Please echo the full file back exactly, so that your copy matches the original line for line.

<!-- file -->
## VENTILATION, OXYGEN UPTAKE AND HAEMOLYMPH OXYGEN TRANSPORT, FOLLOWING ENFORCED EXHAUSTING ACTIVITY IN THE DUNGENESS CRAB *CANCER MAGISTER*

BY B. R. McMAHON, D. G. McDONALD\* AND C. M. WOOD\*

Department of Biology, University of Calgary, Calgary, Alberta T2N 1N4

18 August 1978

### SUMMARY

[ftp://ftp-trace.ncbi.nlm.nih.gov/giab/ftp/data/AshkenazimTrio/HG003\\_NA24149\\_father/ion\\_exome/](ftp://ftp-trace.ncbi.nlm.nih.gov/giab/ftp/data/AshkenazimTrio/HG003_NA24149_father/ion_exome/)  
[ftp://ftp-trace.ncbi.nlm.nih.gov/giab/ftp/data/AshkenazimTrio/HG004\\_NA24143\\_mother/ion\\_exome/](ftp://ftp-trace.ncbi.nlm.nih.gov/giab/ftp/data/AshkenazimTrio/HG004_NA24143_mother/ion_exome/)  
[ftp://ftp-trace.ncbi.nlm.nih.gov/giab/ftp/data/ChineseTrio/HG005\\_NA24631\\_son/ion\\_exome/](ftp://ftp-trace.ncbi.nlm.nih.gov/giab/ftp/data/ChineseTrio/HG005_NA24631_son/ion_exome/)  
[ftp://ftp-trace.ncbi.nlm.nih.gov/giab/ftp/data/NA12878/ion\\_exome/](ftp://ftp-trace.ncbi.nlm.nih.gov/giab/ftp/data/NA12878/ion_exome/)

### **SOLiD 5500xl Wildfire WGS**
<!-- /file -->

## VENTILATION, OXYGEN UPTAKE AND HAEMOLYMPH OXYGEN TRANSPORT, FOLLOWING ENFORCED EXHAUSTING ACTIVITY IN THE DUNGENESS CRAB *CANCER MAGISTER*

BY B. R. McMAHON, D. G. McDONALD\* AND C. M. WOOD\*

Department of Biology, University of Calgary, Calgary, Alberta T2N 1N4

18 August 1978

### SUMMARY

[ftp://ftp-trace.ncbi.nlm.nih.gov/giab/ftp/data/AshkenazimTrio/HG003\\_NA24149\\_father/ion\\_exome/](ftp://ftp-trace.ncbi.nlm.nih.gov/giab/ftp/data/AshkenazimTrio/HG003_NA24149_father/ion_exome/)  
[ftp://ftp-trace.ncbi.nlm.nih.gov/giab/ftp/data/AshkenazimTrio/HG004\\_NA24143\\_mother/ion\\_exome/](ftp://ftp-trace.ncbi.nlm.nih.gov/giab/ftp/data/AshkenazimTrio/HG004_NA24143_mother/ion_exome/)  
[ftp://ftp-trace.ncbi.nlm.nih.gov/giab/ftp/data/ChineseTrio/HG005\\_NA24631\\_son/ion\\_exome/](ftp://ftp-trace.ncbi.nlm.nih.gov/giab/ftp/data/ChineseTrio/HG005_NA24631_son/ion_exome/)  
[ftp://ftp-trace.ncbi.nlm.nih.gov/giab/ftp/data/NA12878/ion\\_exome/](ftp://ftp-trace.ncbi.nlm.nih.gov/giab/ftp/data/NA12878/ion_exome/)

### **SOLiD 5500xl Wildfire WGS**